Rock, rap, electronic, and country don’t qualify as “fine arts” in the city of Chicago.
As the Chicago Reader reports, Anita Richardson was appointed by the Cook County Department of Administrative Hearings to head a hearing about whether or not a number of Chicago venues are subject to an “amusement tax.” Venues with sub-750 person capacity are exempt from the 3% tax so long as they’re selling tickets for “in person, live theatrical, live musical or other live cultural performances.” The county code further defines “live music” and “live cultural performances” as “any of the disciplines which are commonly regarded as part of the fine arts, such as live theater, music, opera, drama, comedy, ballet, modern or traditional dance, and book or poetry readings.”
“Rap music, country music, and rock ‘n’ roll” do not fall under the purview of “fine art,” Richardson concluded, according to the Reader.
By contesting that things like DJs and rock bands don’t qualify as “fine arts,” Richardson is arguing that venues such as Beauty Bar and Evil Olive, which are among a number of small venues the county is targeting, should be forced to pay up to six years of back taxes. Including fees and interest, the total comes out to about $200,000 per venue.
Beauty Bar’s attorney Matt Ryan argued during the hearing that it’s not the Department of Administrative Bearings’ job to determine what should be classified as fine art. He added that music of all kinds should be exempt. “Your argument is honestly a stretch,” Richardson retorted. “I’m going to be looking for some rather persuasive legal arguments that will persuade me … that all music falls within the category of any of the disciplines regarded as fine arts.”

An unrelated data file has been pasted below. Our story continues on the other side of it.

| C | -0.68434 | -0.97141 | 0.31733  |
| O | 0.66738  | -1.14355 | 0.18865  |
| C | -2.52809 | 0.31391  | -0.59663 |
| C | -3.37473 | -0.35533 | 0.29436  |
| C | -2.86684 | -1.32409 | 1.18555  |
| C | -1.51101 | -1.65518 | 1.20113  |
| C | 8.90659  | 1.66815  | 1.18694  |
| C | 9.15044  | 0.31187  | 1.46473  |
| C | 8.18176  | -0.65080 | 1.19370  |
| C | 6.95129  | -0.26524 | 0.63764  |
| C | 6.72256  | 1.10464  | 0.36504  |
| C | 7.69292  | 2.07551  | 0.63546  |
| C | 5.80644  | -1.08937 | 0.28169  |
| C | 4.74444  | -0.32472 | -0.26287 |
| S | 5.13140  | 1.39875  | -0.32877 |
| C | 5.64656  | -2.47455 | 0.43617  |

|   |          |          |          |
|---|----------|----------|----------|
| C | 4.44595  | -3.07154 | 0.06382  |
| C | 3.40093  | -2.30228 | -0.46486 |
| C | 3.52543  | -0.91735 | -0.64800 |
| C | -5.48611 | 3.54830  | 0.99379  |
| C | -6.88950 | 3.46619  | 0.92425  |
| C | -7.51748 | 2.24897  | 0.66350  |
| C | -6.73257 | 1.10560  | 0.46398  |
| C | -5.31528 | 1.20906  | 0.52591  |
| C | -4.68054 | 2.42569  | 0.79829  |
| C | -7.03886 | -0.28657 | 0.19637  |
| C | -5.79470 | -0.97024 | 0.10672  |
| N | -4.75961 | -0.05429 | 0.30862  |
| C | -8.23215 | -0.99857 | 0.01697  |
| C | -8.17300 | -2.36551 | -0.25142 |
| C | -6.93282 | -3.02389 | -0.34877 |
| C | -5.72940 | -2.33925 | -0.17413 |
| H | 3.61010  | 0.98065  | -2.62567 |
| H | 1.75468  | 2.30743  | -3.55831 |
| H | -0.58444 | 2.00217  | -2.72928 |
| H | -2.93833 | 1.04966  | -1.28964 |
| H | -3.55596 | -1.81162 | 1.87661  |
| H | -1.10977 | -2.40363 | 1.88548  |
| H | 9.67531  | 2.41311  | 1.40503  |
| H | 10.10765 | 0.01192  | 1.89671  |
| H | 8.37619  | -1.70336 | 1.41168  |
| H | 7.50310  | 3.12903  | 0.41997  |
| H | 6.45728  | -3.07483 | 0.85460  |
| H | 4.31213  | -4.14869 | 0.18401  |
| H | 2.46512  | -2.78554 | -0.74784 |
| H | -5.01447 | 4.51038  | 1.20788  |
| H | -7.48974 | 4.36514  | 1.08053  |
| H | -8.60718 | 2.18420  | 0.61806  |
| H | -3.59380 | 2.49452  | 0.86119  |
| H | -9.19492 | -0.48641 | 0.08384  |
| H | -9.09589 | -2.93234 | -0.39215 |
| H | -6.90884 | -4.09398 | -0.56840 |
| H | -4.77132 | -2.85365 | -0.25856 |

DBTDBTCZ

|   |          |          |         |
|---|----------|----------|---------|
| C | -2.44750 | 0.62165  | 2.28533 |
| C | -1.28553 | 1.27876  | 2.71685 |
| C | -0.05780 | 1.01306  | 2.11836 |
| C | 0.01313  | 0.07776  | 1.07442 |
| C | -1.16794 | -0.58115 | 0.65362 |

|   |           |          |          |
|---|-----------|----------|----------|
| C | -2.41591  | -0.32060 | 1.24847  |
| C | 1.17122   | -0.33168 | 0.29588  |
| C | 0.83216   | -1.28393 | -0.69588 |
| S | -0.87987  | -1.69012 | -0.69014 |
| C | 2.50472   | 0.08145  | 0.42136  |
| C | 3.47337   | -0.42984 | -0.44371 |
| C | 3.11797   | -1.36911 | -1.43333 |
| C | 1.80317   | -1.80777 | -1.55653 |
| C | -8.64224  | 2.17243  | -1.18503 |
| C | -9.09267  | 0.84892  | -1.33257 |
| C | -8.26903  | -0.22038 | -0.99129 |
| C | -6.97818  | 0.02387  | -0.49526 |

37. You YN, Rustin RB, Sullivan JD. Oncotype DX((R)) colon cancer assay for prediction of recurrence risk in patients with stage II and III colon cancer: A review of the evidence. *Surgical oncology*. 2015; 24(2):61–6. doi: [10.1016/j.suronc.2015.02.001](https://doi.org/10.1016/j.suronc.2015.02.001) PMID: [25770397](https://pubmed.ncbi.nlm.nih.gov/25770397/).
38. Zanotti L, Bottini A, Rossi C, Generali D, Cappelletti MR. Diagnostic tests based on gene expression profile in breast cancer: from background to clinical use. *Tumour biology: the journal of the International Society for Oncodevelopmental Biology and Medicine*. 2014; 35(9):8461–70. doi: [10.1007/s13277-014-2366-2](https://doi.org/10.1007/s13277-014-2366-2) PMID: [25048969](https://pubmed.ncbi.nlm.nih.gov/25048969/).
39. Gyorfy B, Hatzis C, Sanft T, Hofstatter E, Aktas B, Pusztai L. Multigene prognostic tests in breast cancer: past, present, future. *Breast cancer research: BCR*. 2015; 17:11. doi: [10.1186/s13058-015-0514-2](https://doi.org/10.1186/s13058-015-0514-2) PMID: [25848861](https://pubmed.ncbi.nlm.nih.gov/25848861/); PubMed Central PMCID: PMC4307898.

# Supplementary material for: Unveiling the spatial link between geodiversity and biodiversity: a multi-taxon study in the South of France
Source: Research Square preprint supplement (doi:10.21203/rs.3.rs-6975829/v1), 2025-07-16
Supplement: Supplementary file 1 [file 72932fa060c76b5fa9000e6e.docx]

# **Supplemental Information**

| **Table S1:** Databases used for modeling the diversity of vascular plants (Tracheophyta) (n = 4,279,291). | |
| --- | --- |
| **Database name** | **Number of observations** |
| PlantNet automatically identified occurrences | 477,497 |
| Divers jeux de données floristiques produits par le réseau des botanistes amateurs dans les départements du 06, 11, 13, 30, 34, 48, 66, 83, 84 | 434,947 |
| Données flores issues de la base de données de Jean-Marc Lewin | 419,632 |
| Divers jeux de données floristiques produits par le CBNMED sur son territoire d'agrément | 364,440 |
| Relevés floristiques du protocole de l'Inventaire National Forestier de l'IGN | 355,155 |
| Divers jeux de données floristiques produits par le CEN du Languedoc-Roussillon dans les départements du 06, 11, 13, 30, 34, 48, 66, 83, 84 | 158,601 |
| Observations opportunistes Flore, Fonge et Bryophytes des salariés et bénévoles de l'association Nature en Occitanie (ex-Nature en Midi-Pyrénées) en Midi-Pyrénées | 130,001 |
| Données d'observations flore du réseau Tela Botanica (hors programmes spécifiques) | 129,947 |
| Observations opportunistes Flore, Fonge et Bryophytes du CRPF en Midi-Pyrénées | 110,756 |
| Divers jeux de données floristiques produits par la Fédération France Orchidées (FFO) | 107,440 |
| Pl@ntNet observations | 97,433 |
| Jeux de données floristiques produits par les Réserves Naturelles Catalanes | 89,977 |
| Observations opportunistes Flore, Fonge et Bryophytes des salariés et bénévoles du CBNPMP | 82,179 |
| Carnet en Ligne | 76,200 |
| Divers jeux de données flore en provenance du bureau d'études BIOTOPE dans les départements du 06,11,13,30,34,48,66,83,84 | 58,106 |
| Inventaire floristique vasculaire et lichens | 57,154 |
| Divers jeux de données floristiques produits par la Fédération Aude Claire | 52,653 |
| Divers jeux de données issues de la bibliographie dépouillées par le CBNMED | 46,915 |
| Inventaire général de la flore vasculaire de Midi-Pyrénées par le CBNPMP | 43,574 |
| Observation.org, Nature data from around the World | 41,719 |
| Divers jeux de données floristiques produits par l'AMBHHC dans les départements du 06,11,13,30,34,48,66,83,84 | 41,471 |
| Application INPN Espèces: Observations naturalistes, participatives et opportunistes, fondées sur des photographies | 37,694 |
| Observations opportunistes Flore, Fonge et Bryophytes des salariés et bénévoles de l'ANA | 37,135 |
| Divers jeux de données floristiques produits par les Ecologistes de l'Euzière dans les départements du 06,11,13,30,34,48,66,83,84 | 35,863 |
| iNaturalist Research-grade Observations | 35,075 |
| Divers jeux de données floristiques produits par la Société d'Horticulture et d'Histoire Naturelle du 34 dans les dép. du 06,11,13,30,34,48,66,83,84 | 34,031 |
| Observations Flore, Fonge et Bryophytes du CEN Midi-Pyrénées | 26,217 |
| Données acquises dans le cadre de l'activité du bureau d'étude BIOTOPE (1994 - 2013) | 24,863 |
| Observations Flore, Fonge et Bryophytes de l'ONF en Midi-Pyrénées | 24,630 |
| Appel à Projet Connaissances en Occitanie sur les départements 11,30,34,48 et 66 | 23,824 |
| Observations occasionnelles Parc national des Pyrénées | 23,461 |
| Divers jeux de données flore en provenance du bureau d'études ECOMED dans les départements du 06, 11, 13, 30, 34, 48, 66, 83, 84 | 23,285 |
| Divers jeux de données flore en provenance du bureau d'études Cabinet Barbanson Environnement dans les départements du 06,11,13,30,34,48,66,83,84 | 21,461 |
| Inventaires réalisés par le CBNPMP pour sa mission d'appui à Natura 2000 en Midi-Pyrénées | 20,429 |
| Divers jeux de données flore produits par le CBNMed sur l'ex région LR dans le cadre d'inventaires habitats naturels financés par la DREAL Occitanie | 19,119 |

To do so, attorneys for the venues plan on bringing DJs and musicologies to testify at an October 17th hearing. Their goal will be to convince Richardson that something like a DJ performance is indeed fine art, and therefore should be granted the tax break. (She could also just read the actual text she’s arguing about, which clearly classifies music as a fine art.)
Evil Olive attorney and Double Door co-owner Sean Mulroney said that levying the taxes on these venues is a shallow attempt to fill the county’s coffers. “They’re broke,” he said. Bruce Finkelman, who’s a managing partner Beauty Bar and Empty Bottle owner 16″ on Center, added that attempting impose the tax “strangles everything we’re trying to achieve.”
Lucky for them, Cook County commissioner John Fritchey agrees. “No pun intended, but I think the county is being tone deaf to recognize opera as a form of cultural art but not Skrillex,” he said. He added that any debate otherwise is an attempt for the county to dig its way out of budget constraints and counteractive to what the county should do in terms of cultivating the arts. “Personally, I think we need things to incentivize musical talent and venues that present it, rather than make life more difficult for them.”